5.2.1 Mechanisms for Promoting Agriculture

With small-scale production, private investments cannot provide needed advances in technology. Government will have to provide the necessary research, and transmit that research to farmers through extension services. Since agricultural conditions can vary greatly from one locale to another, the relevant applied research has to be done at the local level (as it was in the US, through the land-grant colleges and universities).

Education systems need to be changed. Today, to too great an extent, education is directed at enhancing the skills and knowledge required for urban jobs, reinforcing the expectation that success entails leaving the rural sector rather than becoming more productive within it. Success in modern agriculture, by contrast, requires a better-educated labour force, and more educational resources should be directed at enhancing the productivity of the large fractions of the population that will remain within the rural sector.

One way in which the landscape has changed since the Second World War is in the growth of intellectual property rights, with large multinational giants selling (p.299) seeds (often genetically modified), herbicides, pesticides, and fertilizers, with often very adverse economic and social consequences. Developing countries need to be sure they adopt the right intellectual property regime—not the one foisted on them by the multinationals and Western governments (Cimoli et al. 2014a, b; Jayadev and Stiglitz 2010; Maskus and Merrill 2013).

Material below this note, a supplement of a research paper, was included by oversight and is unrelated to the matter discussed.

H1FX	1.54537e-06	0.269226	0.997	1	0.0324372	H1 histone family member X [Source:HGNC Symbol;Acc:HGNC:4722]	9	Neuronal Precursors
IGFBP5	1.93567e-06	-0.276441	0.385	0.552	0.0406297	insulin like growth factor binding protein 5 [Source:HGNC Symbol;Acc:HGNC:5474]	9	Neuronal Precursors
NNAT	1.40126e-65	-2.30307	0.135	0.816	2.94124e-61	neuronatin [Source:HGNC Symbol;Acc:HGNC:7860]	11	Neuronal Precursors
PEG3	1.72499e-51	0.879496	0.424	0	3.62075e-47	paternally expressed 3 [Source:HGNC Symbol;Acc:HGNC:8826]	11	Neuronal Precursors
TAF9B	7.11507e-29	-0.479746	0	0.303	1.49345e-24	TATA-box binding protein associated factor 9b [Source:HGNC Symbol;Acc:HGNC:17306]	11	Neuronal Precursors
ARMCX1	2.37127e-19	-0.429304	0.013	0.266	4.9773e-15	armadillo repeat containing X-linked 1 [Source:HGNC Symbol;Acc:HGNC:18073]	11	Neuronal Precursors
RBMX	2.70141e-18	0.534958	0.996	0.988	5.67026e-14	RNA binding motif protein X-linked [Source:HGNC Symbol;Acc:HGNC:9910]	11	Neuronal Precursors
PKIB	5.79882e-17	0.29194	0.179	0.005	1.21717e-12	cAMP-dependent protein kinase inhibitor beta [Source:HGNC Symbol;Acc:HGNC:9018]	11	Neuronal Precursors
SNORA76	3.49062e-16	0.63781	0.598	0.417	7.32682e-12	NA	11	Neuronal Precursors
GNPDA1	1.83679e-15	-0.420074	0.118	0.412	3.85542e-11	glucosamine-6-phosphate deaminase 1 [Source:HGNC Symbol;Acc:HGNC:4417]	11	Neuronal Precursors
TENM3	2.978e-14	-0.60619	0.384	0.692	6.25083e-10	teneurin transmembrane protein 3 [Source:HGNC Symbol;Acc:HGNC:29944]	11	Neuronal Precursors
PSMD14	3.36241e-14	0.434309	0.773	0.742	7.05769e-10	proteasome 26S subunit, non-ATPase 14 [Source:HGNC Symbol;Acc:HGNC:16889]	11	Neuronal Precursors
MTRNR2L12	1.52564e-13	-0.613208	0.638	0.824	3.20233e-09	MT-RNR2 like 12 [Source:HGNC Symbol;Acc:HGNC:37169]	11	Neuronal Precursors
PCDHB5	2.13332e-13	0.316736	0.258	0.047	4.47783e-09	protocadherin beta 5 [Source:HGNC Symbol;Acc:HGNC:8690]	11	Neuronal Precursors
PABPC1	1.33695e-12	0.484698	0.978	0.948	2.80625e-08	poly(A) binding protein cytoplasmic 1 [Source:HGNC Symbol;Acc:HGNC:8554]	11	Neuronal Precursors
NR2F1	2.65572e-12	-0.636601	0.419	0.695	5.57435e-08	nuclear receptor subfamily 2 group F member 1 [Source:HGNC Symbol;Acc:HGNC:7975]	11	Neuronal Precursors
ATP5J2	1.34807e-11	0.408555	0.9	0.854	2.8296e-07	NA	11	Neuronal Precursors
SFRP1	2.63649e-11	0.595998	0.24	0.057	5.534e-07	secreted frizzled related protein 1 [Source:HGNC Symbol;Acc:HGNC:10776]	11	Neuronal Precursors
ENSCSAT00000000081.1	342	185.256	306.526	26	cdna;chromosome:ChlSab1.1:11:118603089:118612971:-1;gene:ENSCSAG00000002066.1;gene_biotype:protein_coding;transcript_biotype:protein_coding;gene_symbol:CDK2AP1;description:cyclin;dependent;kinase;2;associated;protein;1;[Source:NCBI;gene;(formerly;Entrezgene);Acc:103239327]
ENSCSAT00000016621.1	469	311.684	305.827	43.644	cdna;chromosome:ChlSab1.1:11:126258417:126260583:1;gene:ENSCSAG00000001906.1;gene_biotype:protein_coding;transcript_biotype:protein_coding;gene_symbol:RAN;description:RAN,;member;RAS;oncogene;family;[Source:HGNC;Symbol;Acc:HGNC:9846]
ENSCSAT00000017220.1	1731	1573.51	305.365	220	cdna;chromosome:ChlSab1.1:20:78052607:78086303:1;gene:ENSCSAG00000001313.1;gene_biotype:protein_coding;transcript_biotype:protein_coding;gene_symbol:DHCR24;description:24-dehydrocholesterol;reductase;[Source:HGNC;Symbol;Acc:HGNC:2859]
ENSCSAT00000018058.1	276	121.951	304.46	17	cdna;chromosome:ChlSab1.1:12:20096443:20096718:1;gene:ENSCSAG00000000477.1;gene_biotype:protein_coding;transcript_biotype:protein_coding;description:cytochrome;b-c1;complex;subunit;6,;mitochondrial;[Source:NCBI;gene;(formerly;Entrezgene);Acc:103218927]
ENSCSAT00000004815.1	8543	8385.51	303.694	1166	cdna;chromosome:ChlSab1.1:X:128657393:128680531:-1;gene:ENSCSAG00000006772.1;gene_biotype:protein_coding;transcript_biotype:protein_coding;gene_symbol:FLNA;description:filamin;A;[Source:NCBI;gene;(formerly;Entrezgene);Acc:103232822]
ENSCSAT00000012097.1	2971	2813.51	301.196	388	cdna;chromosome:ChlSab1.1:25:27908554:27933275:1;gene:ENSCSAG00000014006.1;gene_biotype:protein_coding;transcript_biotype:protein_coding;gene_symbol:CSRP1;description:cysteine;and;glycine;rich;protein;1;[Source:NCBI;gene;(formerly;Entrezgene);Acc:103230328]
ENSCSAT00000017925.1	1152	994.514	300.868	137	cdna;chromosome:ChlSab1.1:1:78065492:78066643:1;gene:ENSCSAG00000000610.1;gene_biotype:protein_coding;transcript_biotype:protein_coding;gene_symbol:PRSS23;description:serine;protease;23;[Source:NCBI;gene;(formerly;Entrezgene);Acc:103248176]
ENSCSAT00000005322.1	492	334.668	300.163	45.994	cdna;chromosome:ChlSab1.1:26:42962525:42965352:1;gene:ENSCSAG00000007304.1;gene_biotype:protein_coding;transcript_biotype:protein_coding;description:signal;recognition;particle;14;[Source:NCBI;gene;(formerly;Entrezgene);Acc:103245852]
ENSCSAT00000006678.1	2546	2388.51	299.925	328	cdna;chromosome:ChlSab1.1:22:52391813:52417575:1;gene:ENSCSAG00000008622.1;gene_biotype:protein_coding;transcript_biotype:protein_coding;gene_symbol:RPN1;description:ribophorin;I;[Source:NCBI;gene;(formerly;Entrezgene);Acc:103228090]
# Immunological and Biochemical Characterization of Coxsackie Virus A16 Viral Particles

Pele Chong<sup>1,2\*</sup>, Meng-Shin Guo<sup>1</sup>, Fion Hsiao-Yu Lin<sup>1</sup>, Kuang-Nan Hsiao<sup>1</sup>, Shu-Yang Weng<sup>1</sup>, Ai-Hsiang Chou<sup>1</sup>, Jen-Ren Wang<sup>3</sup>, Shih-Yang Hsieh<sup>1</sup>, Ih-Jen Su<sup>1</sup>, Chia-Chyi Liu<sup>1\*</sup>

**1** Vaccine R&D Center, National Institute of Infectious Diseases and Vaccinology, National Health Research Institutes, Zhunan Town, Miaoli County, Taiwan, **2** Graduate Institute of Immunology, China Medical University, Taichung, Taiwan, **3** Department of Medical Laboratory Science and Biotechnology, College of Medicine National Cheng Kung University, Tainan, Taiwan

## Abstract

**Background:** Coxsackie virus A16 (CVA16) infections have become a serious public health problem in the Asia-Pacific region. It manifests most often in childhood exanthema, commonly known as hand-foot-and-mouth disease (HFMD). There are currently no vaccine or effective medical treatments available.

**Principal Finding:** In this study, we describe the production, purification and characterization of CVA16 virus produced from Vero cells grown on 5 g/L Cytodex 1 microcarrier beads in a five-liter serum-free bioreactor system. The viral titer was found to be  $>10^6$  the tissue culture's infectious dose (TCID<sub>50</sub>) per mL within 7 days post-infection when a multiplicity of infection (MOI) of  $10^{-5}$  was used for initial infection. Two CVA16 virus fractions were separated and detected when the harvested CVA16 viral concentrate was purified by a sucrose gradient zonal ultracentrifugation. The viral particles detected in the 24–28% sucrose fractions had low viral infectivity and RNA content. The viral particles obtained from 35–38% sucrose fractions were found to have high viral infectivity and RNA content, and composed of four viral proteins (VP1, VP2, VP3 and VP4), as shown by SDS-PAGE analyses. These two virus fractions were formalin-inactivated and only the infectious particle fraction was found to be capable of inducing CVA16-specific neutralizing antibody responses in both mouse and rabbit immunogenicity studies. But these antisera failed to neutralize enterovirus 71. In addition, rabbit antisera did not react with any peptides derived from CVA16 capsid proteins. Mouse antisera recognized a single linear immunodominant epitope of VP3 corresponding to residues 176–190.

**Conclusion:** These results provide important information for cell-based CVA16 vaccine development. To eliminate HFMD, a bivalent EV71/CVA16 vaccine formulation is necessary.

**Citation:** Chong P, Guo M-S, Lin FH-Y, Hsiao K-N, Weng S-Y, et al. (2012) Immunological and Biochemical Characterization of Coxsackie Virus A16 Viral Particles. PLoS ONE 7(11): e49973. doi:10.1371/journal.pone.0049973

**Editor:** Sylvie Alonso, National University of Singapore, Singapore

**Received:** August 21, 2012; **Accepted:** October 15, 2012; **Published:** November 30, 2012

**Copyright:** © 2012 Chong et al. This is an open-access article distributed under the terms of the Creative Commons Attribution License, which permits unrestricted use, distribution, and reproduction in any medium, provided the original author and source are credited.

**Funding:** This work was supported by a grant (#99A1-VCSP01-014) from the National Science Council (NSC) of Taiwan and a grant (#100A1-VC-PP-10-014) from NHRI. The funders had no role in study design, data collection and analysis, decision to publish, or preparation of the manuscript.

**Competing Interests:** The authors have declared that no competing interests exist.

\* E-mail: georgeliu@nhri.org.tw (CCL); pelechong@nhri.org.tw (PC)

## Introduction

There are also significant problems of information asymmetries in providing key inputs like seed and fertilizer to farmers. It is hard, if not impossible, to ascertain the quality at the point of purchase. In developing countries, reputation mechanisms often work imperfectly, and to the extent that they do work they can result in high degrees of imperfections of competition. When regulations fail it may be desirable to, at a minimum, have the government certify the quality of the inputs, and perhaps market them directly, because incentives and opportunities for scamming often seem just too irresistible to the private sector.21

Another crucial input is credit, and this is another arena in which the private sector has excelled in exploitation. Non-profit micro-credit schemes have met with enormous success in Bangladesh, but when the ‘model’ was taken up by for-profit lenders there was a massive failure (Haldar and Stiglitz 2013, 2016). Government should encourage these not-for-profits and co-operative lending programmes and encourage the private sector to lend (at strictly controlled rates) to agriculture, for example by requiring that a minimal fraction of loans goes to small farmers (analogous to the Community Reinvestment Act requirements for lending to minorities in the US).